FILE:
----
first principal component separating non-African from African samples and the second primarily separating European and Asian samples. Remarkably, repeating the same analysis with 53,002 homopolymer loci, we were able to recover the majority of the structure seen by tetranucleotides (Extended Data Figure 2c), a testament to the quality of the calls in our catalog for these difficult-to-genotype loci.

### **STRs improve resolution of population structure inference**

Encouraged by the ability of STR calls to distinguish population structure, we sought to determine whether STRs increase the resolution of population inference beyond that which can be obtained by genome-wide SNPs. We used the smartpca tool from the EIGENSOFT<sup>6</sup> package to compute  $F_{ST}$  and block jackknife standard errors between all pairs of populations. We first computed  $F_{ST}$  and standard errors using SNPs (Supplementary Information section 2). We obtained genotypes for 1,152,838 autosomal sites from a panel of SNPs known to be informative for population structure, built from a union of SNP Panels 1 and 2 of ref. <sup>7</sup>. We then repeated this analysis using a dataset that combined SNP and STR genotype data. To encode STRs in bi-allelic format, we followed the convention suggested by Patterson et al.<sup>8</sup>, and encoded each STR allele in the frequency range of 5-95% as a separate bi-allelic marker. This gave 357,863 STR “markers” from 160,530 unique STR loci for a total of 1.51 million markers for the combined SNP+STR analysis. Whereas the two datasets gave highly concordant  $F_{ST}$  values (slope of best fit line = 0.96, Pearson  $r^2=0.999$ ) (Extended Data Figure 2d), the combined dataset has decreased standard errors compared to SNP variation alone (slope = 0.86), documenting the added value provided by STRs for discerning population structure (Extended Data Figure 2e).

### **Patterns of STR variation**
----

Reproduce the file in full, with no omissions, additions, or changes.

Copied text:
first principal component separating non-African from African samples and the second primarily separating European and Asian samples. Remarkably, repeating the same analysis with 53,002 homopolymer loci, we were able to recover the majority of the structure seen by tetranucleotides (Extended Data Figure 2c), a testament to the quality of the calls in our catalog for these difficult-to-genotype loci.

### **STRs improve resolution of population structure inference**

Encouraged by the ability of STR calls to distinguish population structure, we sought to determine whether STRs increase the resolution of population inference beyond that which can be obtained by genome-wide SNPs. We used the smartpca tool from the EIGENSOFT<sup>6</sup> package to compute  $F_{ST}$  and block jackknife standard errors between all pairs of populations. We first computed  $F_{ST}$  and standard errors using SNPs (Supplementary Information section 2). We obtained genotypes for 1,152,838 autosomal sites from a panel of SNPs known to be informative for population structure, built from a union of SNP Panels 1 and 2 of ref. <sup>7</sup>. We then repeated this analysis using a dataset that combined SNP and STR genotype data. To encode STRs in bi-allelic format, we followed the convention suggested by Patterson et al.<sup>8</sup>, and encoded each STR allele in the frequency range of 5-95% as a separate bi-allelic marker. This gave 357,863 STR “markers” from 160,530 unique STR loci for a total of 1.51 million markers for the combined SNP+STR analysis. Whereas the two datasets gave highly concordant  $F_{ST}$  values (slope of best fit line = 0.96, Pearson  $r^2=0.999$ ) (Extended Data Figure 2d), the combined dataset has decreased standard errors compared to SNP variation alone (slope = 0.86), documenting the added value provided by STRs for discerning population structure (Extended Data Figure 2e).

### **Patterns of STR variation**